As of April 1, 2012, Department of Labor regulations will require the disclosure of investment expenses as both a percentage of assets and a dollar amount to 401(k) participants. Prior to the enactment of:
- ERISA 408(b)(2) – that governs disclosures that must be made by service providers to plan sponsors, and
- ERISA 404(a)(5) – that governs disclosures that must be made by plan sponsors to plan participants
these fees were tucked away in the annual Form 5500 filing. This reporting is long overdue and welcome as the expenses charged against employees retirement account will be far more transparent and includes:
- Types of fees employees paid in the past quarter
- Recipients of these fees
- The dollar amount of fees and other indirect expenses, including: compensation paid by plan record keepers and investment firms to third-party service providers
You should be aware that plan pricing/fees can vary quite a bit with some charging as much as 4% in my experience. These fees may become quite an eye-opener to some employees who may previously have been unaware they personally were being charged. My guess is that there’s a pretty fair chance these fees will catch their attention if, for example, their account is down 1-2% or more yet the fees charged to manage this “return” might be 3-4% and all of a sudden those 5500s from prior years will be in considerably greater demand.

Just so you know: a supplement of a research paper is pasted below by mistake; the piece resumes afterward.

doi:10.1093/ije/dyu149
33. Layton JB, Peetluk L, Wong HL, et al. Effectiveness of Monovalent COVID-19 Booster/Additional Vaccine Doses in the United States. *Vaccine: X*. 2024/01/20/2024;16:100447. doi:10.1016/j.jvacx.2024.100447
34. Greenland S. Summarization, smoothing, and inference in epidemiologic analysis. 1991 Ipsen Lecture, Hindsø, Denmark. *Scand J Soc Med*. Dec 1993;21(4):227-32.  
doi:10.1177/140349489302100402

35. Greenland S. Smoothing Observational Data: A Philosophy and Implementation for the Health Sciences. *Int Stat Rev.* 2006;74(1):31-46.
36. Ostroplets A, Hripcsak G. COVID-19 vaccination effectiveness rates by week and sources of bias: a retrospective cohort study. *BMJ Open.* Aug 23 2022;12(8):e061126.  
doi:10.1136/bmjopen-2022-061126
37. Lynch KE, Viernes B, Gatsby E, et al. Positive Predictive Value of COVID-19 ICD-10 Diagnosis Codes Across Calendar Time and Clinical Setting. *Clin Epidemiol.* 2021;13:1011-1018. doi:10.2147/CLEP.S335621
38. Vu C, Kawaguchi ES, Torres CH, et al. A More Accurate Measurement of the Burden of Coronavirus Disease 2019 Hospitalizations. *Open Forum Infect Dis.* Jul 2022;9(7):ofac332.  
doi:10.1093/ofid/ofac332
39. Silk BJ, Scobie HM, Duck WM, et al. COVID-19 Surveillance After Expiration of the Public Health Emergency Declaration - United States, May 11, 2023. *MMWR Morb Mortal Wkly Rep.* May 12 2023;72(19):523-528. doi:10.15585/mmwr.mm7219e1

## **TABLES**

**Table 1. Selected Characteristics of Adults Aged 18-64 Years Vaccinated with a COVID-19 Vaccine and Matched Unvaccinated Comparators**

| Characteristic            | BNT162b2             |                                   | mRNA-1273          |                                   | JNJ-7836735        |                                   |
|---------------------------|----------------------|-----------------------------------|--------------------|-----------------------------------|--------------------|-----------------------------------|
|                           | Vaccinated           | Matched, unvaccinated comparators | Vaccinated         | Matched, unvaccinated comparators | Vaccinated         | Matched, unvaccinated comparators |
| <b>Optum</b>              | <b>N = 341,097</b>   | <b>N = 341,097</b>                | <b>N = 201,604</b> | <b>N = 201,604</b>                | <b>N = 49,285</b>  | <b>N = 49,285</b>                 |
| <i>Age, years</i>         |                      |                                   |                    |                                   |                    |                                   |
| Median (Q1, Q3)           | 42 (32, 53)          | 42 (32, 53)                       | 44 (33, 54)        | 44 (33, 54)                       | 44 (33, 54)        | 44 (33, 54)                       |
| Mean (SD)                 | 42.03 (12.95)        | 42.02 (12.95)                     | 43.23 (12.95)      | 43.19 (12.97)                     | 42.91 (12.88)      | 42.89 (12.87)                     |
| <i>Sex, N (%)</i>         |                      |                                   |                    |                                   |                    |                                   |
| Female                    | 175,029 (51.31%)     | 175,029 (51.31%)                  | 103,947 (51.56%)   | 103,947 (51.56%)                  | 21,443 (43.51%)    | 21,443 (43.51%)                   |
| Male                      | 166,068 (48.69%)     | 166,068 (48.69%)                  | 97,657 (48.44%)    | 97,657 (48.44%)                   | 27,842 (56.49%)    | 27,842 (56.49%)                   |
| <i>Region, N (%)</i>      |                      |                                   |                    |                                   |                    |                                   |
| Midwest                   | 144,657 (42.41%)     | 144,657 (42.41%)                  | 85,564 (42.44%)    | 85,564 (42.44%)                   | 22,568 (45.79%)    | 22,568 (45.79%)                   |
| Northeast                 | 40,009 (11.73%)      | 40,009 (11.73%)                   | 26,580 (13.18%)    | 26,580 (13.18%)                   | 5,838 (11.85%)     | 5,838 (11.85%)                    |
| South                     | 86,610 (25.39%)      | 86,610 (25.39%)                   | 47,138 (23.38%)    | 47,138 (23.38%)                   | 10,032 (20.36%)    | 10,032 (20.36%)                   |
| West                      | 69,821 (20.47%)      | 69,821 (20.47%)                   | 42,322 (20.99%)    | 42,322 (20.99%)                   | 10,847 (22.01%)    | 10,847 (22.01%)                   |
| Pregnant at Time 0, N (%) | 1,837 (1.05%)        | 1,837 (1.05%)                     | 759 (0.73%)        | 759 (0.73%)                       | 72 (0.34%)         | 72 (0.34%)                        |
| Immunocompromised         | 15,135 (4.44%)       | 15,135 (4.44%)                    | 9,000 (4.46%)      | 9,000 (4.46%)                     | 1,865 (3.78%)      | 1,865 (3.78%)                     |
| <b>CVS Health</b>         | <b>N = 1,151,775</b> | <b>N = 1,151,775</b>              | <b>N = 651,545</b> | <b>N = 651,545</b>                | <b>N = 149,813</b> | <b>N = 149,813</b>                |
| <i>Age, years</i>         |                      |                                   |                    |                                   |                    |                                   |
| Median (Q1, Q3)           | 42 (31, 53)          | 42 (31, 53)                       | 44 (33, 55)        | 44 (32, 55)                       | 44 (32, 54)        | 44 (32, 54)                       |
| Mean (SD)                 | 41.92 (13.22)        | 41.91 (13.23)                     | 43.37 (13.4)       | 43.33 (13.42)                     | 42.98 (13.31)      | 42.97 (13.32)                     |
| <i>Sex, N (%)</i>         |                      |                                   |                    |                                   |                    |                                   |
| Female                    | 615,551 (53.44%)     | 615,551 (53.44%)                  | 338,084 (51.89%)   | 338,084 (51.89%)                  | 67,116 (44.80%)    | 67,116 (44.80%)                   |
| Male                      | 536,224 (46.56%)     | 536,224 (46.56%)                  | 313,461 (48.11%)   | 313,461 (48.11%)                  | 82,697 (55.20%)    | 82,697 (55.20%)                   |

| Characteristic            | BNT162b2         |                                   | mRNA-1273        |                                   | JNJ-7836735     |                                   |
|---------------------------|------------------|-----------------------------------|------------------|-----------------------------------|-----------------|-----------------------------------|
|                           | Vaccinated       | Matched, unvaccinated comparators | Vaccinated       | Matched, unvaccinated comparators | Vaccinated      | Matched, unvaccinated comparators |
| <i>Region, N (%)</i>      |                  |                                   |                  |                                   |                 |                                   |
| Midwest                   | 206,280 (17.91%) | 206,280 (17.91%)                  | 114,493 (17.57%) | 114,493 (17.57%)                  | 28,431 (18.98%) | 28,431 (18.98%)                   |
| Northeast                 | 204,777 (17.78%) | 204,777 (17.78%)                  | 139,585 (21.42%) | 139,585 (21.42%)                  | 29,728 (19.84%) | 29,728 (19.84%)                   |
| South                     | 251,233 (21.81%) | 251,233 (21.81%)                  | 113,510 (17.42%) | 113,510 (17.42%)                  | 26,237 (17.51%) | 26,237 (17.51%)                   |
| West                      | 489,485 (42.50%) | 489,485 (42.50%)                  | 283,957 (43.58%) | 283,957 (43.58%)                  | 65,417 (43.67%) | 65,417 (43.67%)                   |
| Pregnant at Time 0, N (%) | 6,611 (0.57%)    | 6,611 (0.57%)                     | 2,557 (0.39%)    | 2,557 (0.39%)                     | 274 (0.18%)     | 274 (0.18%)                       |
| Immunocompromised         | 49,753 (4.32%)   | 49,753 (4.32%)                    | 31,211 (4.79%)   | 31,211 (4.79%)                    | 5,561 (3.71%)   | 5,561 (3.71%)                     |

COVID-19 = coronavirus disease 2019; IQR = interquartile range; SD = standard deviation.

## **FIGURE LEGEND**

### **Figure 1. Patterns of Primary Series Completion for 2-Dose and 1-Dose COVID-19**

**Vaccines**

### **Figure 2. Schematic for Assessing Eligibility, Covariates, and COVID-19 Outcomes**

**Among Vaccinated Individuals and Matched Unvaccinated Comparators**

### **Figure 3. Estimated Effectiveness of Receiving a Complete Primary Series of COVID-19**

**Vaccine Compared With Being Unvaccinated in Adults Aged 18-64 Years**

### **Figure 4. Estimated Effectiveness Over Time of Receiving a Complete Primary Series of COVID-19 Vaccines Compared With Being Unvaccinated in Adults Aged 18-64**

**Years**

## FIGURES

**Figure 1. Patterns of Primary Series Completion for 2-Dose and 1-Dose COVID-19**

Repercussions could range from anger and broken trust to really miffed and rallying other participants in those plans that haven’t been managed well into a class action against the plan’s fiduciaries. “Fiduciaries” likely includes the CEO and the senior most financial or HR person, perhaps both, for many of you who may be reading this. Your fiduciary duties include: prudently selecting and compensating plan providers, including record keepers and investment providers and to conduct an objective process to assess both the qualifications and quality of services by your provider.
Many plan record keepers have done a good job keeping these negotiable fees reasonable, however inexperienced plan sponsors that try to administer their plan without an adviser’s help are at risk of noncompetitive pricing.
Indicators that you may be at risk:
- No one in your organization knows what fees are being charged to your plan’s participants.
- No one has ever negotiated these fees.
- The investment options in your plan have only gone up over the years.
- Engage a qualified advisor to review fees and negotiate as necessary.
- Document your actions.
- Conduct at least annual reviews with your plan participants that include straightforward examples e.g. – for every $1K you invest in option A the annual fees to manage will be $X.XX or Y%.
- Offer, consider requiring, individuals an assessment of where they are presently vs. their goal at this time vs. their ultimate retirement goal and maintain those records.
These new rules are a good thing for plan participants … and plan sponsors who have managed their plans well.